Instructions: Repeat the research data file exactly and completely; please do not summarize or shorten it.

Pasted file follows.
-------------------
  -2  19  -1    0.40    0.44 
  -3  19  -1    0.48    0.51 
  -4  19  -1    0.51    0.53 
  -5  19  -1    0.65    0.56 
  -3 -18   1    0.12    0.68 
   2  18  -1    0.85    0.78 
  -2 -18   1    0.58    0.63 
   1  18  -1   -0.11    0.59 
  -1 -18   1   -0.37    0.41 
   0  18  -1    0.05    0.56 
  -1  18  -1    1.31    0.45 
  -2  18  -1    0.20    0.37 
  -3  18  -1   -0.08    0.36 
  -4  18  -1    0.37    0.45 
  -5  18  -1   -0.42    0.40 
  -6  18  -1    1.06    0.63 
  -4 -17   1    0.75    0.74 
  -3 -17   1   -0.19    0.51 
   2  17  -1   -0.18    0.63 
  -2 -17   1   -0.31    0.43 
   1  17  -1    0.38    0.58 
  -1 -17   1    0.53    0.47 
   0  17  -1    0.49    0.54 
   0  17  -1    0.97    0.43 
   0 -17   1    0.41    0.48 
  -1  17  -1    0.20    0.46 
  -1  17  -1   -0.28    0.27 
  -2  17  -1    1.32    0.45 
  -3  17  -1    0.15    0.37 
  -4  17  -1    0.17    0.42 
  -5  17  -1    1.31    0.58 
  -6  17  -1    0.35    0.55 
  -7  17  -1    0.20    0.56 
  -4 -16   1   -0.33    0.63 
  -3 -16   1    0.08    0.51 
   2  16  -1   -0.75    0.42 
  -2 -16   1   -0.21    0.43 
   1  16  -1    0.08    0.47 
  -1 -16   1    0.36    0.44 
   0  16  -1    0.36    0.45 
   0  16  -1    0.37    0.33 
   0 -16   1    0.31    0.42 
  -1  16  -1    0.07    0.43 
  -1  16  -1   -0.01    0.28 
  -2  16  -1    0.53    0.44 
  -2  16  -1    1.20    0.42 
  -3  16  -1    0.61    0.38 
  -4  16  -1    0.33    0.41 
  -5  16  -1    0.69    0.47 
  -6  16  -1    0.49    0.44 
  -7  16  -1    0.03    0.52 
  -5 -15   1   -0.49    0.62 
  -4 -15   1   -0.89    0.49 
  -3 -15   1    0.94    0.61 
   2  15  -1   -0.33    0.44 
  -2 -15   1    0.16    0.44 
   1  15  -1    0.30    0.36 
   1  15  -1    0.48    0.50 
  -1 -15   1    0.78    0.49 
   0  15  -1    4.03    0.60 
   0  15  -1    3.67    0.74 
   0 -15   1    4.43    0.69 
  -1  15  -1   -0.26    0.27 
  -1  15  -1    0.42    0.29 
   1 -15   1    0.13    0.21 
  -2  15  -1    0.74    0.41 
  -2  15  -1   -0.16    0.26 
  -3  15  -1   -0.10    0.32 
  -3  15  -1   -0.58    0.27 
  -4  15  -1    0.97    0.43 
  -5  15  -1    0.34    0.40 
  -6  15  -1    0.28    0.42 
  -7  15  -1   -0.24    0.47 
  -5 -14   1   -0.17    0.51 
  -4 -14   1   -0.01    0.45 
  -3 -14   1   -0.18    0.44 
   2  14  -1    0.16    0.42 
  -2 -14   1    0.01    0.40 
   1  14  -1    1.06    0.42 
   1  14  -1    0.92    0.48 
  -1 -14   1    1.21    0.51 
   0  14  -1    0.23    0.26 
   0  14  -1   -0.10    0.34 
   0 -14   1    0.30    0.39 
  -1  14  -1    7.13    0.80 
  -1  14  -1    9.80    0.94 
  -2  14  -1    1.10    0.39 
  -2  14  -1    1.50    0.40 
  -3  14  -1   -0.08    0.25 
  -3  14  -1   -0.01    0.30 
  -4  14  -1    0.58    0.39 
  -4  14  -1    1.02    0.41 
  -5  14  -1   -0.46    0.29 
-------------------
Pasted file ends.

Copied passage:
  -2  19  -1    0.40    0.44 
  -3  19  -1    0.48    0.51 
  -4  19  -1    0.51    0.53 
  -5  19  -1    0.65    0.56 
  -3 -18   1    0.12    0.68 
   2  18  -1    0.85    0.78 
  -2 -18   1    0.58    0.63 
   1  18  -1   -0.11    0.59 
  -1 -18   1   -0.37    0.41 
   0  18  -1    0.05    0.56 
  -1  18  -1    1.31    0.45 
  -2  18  -1    0.20    0.37 
  -3  18  -1   -0.08    0.36 
  -4  18  -1    0.37    0.45 
  -5  18  -1   -0.42    0.40 
  -6  18  -1    1.06    0.63 
  -4 -17   1    0.75    0.74 
  -3 -17   1   -0.19    0.51 
   2  17  -1   -0.18    0.63 
  -2 -17   1   -0.31    0.43 
   1  17  -1    0.38    0.58 
  -1 -17   1    0.53    0.47 
   0  17  -1    0.49    0.54 
   0  17  -1    0.97    0.43 
   0 -17   1    0.41    0.48 
  -1  17  -1    0.20    0.46 
  -1  17  -1   -0.28    0.27 
  -2  17  -1    1.32    0.45 
  -3  17  -1    0.15    0.37 
  -4  17  -1    0.17    0.42 
  -5  17  -1    1.31    0.58 
  -6  17  -1    0.35    0.55 
  -7  17  -1    0.20    0.56 
  -4 -16   1   -0.33    0.63 
  -3 -16   1    0.08    0.51 
   2  16  -1   -0.75    0.42 
  -2 -16   1   -0.21    0.43 
   1  16  -1    0.08    0.47 
  -1 -16   1    0.36    0.44 
   0  16  -1    0.36    0.45 
   0  16  -1    0.37    0.33 
   0 -16   1    0.31    0.42 
  -1  16  -1    0.07    0.43 
  -1  16  -1   -0.01    0.28 
  -2  16  -1    0.53    0.44 
  -2  16  -1    1.20    0.42 
  -3  16  -1    0.61    0.38 
  -4  16  -1    0.33    0.41 
  -5  16  -1    0.69    0.47 
  -6  16  -1    0.49    0.44 
  -7  16  -1    0.03    0.52 
  -5 -15   1   -0.49    0.62 
  -4 -15   1   -0.89    0.49 
  -3 -15   1    0.94    0.61 
   2  15  -1   -0.33    0.44 
  -2 -15   1    0.16    0.44 
   1  15  -1    0.30    0.36 
   1  15  -1    0.48    0.50 
  -1 -15   1    0.78    0.49 
   0  15  -1    4.03    0.60 
   0  15  -1    3.67    0.74 
   0 -15   1    4.43    0.69 
  -1  15  -1   -0.26    0.27 
  -1  15  -1    0.42    0.29 
   1 -15   1    0.13    0.21 
  -2  15  -1    0.74    0.41 
  -2  15  -1   -0.16    0.26 
  -3  15  -1   -0.10    0.32 
  -3  15  -1   -0.58    0.27 
  -4  15  -1    0.97    0.43 
  -5  15  -1    0.34    0.40 
  -6  15  -1    0.28    0.42 
  -7  15  -1   -0.24    0.47 
  -5 -14   1   -0.17    0.51 
  -4 -14   1   -0.01    0.45 
  -3 -14   1   -0.18    0.44 
   2  14  -1    0.16    0.42 
  -2 -14   1    0.01    0.40 
   1  14  -1    1.06    0.42 
   1  14  -1    0.92    0.48 
  -1 -14   1    1.21    0.51 
   0  14  -1    0.23    0.26 
   0  14  -1   -0.10    0.34 
   0 -14   1    0.30    0.39 
  -1  14  -1    7.13    0.80 
  -1  14  -1    9.80    0.94 
  -2  14  -1    1.10    0.39 
  -2  14  -1    1.50    0.40 
  -3  14  -1   -0.08    0.25 
  -3  14  -1   -0.01    0.30 
  -4  14  -1    0.58    0.39 
  -4  14  -1    1.02    0.41 
  -5  14  -1   -0.46    0.29 